Oct 20 The following were the top stories in The
Wall Street Journal on Thursday. Reuters has not verified these
stories and does not vouch for their accuracy.
* The SEC is examining whether SAC Capital Advisors
improperly profited from trades made before the takeover of
Cougar Biotechnology by Johnson & Johnson was announced
* Under pressure to revive UBS's fortunes and help
the firm recover from a rogue-trading scandal, the Swiss bank's
interim chief is preparing to shrink its once high-flying
* While many American and European manufacturers moved
production to low-wage countries, British industrial giant
Rolls-Royce has taken a contrarian course. It gravitates
to high-wage hotspots.
* Doubts grew about the effectiveness of a key proposal for
stemming Europe's deepening debt crisis as it emerged that
officials have ruled out a plan for the euro zone's bailout fund
to directly guarantee bond issues.
* Groupon is scaling back plans due to market volatility. It
is now expected to seek a valuation of less $12.5 billion, down
from roughly $20 billion.
* Silver Lake Partners is working with one of its investors,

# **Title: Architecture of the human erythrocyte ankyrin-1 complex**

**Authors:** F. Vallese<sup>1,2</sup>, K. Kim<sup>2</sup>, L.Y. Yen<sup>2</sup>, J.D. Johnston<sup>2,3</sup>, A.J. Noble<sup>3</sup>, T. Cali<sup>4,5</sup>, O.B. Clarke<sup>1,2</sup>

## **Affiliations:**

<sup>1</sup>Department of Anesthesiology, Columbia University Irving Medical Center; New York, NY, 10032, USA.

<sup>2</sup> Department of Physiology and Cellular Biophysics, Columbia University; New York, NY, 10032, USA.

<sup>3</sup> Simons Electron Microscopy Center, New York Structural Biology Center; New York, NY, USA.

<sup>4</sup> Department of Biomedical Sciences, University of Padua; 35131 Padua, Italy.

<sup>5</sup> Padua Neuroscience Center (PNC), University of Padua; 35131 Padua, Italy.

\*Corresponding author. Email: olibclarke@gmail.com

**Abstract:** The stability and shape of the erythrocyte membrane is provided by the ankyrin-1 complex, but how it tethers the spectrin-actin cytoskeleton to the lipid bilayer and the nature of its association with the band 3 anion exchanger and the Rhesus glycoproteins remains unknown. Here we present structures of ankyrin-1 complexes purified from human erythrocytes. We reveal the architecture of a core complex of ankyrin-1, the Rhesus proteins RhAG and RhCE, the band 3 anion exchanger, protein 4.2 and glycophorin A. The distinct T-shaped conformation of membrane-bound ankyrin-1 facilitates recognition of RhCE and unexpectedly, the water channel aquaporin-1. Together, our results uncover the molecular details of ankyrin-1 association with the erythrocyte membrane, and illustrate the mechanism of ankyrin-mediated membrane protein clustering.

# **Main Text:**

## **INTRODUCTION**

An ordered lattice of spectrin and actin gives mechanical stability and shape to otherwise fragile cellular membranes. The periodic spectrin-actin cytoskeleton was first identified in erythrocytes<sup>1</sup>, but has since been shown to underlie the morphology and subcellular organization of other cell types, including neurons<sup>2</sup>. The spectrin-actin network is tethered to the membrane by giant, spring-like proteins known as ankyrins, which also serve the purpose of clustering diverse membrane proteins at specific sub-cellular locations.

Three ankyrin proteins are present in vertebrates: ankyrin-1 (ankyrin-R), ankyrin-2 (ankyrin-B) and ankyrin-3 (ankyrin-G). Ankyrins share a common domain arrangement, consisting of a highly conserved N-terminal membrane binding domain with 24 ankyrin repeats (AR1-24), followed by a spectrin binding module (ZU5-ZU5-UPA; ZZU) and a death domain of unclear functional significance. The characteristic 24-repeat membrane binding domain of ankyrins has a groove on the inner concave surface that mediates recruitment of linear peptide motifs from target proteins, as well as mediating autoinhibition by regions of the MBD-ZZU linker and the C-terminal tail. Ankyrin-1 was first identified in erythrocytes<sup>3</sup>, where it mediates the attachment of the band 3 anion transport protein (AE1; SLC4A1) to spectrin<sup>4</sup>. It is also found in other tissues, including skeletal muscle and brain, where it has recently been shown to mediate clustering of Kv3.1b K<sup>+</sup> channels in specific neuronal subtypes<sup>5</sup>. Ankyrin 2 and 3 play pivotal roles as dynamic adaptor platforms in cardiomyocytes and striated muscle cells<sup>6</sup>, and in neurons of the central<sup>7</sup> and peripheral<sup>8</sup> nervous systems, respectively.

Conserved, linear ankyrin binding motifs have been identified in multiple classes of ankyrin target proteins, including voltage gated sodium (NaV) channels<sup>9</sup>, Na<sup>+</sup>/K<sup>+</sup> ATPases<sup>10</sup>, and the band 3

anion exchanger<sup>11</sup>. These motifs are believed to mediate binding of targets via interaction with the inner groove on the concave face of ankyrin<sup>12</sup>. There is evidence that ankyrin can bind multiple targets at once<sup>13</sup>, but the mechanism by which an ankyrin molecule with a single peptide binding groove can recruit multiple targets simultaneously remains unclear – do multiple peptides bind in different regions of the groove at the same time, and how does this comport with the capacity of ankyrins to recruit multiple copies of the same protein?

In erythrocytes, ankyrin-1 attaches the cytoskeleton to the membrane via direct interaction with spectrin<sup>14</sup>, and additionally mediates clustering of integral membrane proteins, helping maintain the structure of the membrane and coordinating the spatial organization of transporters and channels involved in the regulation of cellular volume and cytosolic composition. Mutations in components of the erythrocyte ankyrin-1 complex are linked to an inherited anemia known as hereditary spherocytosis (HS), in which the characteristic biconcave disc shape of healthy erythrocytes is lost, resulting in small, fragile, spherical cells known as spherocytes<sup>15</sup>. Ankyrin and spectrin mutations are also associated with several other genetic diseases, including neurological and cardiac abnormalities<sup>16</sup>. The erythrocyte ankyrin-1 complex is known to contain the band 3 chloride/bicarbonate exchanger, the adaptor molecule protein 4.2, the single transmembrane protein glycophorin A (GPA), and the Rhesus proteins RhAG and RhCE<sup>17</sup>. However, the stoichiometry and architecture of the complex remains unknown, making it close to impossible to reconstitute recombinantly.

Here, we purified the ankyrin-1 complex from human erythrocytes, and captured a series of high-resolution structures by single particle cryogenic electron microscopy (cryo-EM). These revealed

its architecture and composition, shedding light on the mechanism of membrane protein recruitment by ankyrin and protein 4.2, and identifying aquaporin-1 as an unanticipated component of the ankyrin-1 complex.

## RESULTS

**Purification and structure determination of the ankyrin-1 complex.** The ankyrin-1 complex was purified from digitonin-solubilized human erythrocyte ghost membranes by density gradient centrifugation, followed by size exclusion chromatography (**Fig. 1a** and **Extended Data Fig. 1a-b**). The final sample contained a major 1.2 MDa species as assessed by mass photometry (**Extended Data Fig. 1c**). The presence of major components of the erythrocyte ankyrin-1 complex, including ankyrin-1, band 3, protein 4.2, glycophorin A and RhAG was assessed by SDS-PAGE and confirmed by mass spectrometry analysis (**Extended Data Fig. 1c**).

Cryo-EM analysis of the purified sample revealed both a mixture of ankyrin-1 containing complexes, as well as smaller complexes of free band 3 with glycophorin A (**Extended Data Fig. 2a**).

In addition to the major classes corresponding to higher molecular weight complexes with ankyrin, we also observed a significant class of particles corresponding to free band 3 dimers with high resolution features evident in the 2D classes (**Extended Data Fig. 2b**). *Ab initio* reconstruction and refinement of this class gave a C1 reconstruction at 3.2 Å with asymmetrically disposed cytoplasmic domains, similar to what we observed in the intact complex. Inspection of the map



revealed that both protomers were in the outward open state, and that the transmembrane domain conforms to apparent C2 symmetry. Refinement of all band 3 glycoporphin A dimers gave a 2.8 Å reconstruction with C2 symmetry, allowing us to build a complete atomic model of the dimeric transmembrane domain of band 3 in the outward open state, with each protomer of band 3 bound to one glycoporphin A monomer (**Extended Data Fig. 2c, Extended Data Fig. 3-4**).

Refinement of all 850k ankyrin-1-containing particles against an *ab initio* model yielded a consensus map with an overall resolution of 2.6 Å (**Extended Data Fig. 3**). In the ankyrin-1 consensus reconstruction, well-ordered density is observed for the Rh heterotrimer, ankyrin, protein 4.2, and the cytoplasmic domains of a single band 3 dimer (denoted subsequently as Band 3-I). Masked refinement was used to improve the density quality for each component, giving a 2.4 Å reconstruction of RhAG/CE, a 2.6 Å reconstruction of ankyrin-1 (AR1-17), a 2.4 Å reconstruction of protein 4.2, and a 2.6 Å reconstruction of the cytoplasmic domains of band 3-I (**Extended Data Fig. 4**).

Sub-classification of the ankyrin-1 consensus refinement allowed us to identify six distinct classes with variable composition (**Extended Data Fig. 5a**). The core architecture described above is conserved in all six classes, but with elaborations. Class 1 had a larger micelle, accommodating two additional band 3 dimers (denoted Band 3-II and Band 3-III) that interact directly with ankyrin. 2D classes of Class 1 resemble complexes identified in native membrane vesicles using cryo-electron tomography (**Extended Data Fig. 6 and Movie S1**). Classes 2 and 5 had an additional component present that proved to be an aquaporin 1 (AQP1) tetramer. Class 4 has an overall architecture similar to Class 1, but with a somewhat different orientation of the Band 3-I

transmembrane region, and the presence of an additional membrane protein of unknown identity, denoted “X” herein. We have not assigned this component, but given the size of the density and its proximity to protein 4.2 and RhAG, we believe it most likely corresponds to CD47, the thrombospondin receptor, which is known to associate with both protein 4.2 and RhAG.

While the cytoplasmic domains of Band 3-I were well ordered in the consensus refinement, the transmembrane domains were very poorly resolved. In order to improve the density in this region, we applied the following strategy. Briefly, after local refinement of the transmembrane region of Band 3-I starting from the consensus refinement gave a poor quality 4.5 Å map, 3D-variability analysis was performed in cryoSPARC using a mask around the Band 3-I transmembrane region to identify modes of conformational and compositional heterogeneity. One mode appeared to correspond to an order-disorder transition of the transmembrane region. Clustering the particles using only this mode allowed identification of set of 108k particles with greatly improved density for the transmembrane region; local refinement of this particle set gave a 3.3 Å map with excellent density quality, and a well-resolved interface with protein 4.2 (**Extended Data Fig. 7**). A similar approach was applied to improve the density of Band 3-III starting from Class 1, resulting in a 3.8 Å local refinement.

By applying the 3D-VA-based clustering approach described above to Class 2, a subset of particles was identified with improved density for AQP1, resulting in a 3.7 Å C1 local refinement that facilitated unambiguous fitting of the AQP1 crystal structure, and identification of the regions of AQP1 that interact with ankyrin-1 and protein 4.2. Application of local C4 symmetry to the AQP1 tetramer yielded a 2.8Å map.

the Canada Pension Plan Investment Board, and Microsoft
to put together a proposal to buy Yahoo .
* Thomas Peterffy, chief executive of Interactive Brokers
Group Inc , says computer-driven high-speed trading
firms have made the market less efficient-and less safe.
* Asian shares fell as concerns over Europe's ability to
come up with a credible fix to the euro zone debt crisis shook
confidence, with Sydney slipping to a two-week low. The Nikkei
dropped 1 percent.
* Daimler AG dismissed the chief of its U.S.
Mercedes-Benz operations earlier this week over the company's
allegations he paid for personal expenditures with company
money, according to people familiar with the matter.
* Wall Street's total price tag on settlements with U.S.
securities regulators for allegedly misleading investors about
mortgage bonds churned out ahead of the financial crisis surged
past $1 billion with a deal by Citigroup Inc to pay $285
* Labor dispute talks between the NBA and its players union
will continue into Thursday, said federal mediator George Cohen,
following two marathon mediation sessions.
* Abbott Laboratories will split its drugs and
medical products businesses into separate publicly traded
companies in the face of growing pricing pressure and looming
patent expirations in the challenging pharmaceutical sector.
* Testimony at a parliamentary hearing on Wednesday raised
new questions about the evidence News Corp Deputy Chief
Operating Officer James Murdoch has given lawmakers in an
ongoing phone-hacking inquiry, a development that came just days
ahead of a shareholder vote over governance at the company.
* Morgan Stanley reported a $2.15 billion
third-quarter profit and provided more details than ever before
about its exposure to troubled European debt.
* After securing a contract at Ford Motor Co for
about 41,000 workers, the United Auto Workers union is turning
its attention to winning ratification at Chrysler Group LLC, the
last of the Detroit Three auto makers to accept a proposed